Any Mets fan can tell you that things just have a way of ending ugly around the franchise. Whether they be a family day at the ballpark (see: former closer Francisco Rodriguez attacking his girlfriend’s father in the family lounge after a game), to epic collapses on the field (see: 2007, 2008), to careers that looked bright (see: too many to mention in parenthetics), it just seems like the team and the organization behind it can snap defeat from the jaws of victory at any time.
This feeling has pervaded the franchise and its fan base for almost a quarter of a century and the mystery behind its cause has been philosophically chocked up to the ineffable, existential pain of being the “other baseball team” in town.
But in a conference call today with David Einhorn, the wunderkind billionaire hedge fund manager of Greenlight Capital, some light was potentially shed on a more concrete cause of what ails “The Amazins.” After a very public courtship and semi-public negotiations that seemed all but wrapped up, Mr. Einhorn announced this morning that he had broken off negotiations with Mets ownership after being unpleasantly “surprised” by the behavior of Fred Wilpon and company during the final days and weeks over what seemed to him like a done deal.
In his press release this morning Mr. Einhorn stated,
“I am disappointed to announce that I will not be purchasing an ownership interest in the New York Mets baseball team at this time. It is clear that it will not be possible for me to consummate the transaction on the terms that the Sterling-Mets organization and I originally agreed to several months ago. The extensive nature of changes that were proposed to me at the last minute has made a successful transaction impossible.”
And during a conference call with reporters late this morning, Mr. Einhorn elaborated on those changes by unveiling his take on recent events, a first person narrative that unleashed a litany of bad faith behavior on the part of Mr. Wilpon and his partners that, if true, demonstrate a disturbing picture of how business is done inside CitiField.
Mr. Einhorn is claiming that the deal he proposed in April and was tenuously accepted by Mets ownership in the form of an exclusive negotiation agreement, would have entitled him only to a role of “offering ideas and advice while [the team] offering financial security” in the wake of their role in the Bernie Madoff scandal.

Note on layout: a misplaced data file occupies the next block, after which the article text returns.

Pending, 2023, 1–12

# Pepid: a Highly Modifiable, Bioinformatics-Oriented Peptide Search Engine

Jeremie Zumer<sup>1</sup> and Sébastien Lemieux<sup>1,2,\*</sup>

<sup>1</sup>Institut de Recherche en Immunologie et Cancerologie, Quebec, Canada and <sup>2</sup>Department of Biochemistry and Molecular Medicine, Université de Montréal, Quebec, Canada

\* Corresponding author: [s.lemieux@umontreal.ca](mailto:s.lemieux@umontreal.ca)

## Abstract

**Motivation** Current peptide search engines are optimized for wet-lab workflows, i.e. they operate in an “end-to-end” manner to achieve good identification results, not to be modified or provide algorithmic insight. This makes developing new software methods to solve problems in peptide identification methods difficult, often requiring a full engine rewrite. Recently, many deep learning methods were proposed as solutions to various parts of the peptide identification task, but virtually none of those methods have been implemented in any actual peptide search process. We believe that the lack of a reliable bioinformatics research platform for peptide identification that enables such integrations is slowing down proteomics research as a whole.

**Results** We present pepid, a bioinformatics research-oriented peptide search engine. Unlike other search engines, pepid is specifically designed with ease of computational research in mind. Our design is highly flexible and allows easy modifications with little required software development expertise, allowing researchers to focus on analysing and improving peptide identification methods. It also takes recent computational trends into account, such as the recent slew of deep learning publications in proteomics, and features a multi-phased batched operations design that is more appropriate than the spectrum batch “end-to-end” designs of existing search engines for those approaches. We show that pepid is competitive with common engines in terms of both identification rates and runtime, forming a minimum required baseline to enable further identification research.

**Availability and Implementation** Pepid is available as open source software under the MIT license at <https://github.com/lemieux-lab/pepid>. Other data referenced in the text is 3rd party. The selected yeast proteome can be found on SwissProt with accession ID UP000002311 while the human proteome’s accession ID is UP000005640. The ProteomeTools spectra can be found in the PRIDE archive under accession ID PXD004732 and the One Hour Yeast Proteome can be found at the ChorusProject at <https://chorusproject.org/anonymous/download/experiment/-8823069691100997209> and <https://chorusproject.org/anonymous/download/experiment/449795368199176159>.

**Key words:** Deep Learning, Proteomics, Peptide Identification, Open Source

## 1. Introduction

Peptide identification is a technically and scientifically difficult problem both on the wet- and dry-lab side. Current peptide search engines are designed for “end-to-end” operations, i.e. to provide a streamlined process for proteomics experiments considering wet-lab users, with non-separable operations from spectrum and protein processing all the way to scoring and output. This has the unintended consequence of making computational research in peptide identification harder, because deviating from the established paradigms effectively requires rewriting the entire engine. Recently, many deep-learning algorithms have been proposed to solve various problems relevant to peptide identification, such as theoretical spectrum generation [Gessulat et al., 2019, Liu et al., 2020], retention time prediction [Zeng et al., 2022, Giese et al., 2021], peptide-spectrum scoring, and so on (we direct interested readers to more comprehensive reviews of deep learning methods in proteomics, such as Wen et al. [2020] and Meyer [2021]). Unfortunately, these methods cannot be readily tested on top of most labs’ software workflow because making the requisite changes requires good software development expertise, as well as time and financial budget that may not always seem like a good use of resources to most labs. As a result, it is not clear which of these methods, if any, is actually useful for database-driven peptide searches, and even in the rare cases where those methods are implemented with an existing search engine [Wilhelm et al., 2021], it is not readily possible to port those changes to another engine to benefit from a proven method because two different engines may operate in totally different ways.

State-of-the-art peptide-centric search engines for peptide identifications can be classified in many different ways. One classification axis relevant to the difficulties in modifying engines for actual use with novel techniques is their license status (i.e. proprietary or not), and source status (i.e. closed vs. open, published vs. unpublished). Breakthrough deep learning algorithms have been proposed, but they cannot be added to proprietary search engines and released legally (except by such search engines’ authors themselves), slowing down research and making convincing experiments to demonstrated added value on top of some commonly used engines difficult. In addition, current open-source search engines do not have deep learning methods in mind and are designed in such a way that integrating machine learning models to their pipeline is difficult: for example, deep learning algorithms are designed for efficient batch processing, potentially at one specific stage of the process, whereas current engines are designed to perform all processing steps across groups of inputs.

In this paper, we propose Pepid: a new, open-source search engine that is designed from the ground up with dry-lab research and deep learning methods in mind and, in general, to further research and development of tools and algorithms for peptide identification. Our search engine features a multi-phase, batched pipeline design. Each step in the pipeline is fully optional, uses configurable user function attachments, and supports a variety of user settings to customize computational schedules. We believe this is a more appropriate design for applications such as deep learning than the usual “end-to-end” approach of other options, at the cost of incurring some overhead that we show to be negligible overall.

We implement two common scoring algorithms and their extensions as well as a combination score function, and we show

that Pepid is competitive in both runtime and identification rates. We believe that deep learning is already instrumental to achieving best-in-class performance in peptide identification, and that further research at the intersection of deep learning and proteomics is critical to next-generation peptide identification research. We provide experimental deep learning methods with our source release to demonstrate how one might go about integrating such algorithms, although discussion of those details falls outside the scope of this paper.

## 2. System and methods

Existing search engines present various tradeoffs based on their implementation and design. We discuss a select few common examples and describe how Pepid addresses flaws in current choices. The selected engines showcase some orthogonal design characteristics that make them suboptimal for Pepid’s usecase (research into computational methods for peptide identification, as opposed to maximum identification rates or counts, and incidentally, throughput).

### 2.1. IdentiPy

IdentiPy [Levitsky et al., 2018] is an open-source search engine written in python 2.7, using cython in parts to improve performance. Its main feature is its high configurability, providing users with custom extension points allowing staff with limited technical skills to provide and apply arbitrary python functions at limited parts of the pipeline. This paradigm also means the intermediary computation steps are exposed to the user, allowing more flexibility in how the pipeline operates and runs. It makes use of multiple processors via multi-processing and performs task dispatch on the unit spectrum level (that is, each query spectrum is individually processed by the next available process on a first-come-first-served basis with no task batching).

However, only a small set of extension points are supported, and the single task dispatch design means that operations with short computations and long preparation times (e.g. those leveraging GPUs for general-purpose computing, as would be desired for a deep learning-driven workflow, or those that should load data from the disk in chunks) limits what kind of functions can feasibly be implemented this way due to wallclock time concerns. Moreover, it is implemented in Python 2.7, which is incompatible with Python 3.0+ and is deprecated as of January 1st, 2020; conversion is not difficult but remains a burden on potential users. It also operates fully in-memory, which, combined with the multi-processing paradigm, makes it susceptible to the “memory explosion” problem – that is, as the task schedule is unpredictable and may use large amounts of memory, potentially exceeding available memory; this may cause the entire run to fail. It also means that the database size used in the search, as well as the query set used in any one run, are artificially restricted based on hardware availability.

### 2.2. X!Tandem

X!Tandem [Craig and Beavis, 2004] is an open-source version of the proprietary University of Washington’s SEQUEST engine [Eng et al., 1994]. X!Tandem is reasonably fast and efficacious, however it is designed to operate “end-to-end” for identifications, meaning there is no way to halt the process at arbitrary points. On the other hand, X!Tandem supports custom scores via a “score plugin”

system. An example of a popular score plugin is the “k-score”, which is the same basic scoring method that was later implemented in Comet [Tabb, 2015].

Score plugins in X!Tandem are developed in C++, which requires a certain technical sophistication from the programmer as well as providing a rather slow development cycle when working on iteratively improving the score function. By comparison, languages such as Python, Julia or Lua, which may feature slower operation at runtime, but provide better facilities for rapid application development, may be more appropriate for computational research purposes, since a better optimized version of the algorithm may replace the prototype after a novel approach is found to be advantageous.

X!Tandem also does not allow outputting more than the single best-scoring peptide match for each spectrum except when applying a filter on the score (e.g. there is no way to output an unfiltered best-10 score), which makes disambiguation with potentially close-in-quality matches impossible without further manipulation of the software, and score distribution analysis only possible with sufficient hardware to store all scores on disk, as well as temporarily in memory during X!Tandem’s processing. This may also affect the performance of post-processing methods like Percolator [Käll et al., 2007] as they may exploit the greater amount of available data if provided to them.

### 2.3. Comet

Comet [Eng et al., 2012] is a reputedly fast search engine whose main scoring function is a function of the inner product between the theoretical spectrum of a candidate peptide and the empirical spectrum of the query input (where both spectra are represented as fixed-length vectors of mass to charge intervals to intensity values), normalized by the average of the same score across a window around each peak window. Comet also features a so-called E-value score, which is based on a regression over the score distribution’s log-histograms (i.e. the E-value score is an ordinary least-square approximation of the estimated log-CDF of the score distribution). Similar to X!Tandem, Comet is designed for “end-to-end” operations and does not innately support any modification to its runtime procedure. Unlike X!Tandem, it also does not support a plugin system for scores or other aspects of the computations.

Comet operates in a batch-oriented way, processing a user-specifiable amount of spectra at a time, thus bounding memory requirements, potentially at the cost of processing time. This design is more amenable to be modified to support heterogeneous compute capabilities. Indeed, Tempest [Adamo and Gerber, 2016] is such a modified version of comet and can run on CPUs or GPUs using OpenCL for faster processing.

To that end, Einhorn believed that “everything seemed done in May” but talks lagged on until July, when Mets lenders got involved and talks turned more problematic, causing Mr. Einhorn and his team to work more closely with Mets bankers on the finer details of the deal.
According to Mr. Einhorn (and also reported in press at the time), while he finished negotiations with the team’s lenders and investment bankers, the Wilpons re-opened talks with at least one other former bidder (who is believed to be Gelncore oil trader Ray Bartoszek), despite the exclusivity agreement that Mr. Einhorn believed was still being honored by both parties.
While the rumors shook Mr. Einhorn’s confidence in the Wilpons’ good faith, he decided to “look past it” and continue with negotiations but did propose a new clause in the agreement that would have allowed Mr. Einhorn an easier and earlier departure from the investment “if the partnership wasn’t working out down the line.” The new clause was met with some negativity by Mets ownership when Mr. Einhorn requested it be included in the language of the deal to be ratified by Major League Baseball and its ownership group.
Despite the Mets hesitancy, Mr. Einhorn recently met with Major League Baseball Commissioner Bud Selig to explain his stance on the new clause. Mr. Einhorn said he left that meeting feeling assured that Mr. Selig and the other owners would back the inclusion of the clause in any approved agreement. Mr. Einhorn admitted to having been somewhat frustrated by how the Mets ownership group was handling negotiations, but did not decide to pull out of the deal until he very recently learned that the Wilpons and their group had been “lobbying M.L.B. in secret to reject the clause in the final agreement.”
So today, with all the bad faith becoming too much to take, Mr. Einhorn is taking his metaphorical ball of equity (believed to have been around $200 million) and gone home. “I’m pulling out of this deal at this time,” Mr. Einhorn said. “There is no longer any deal in place.”
The Observer asked if Mr. Einhorn had ever experienced similar dealings in his other business ventures. “In my experience, most deals that fall apart, fall apart at the end,” he said. When pressed as to the particulars of this deal, he responded, “I’ll admit, I was surprised.” For the manager of a multi-billion-dollar hedge fund, that is a striking admission.
If what Mr. Einhorn claims happened in his four-month long association with the team and its ownership is the modus operandi of the organization itself, it would seem to be that long suffering fans can expect more pain as the Wilpons’ shouts of “play ball!” are met with a deafening silence by investors who don’t believe that they play fair.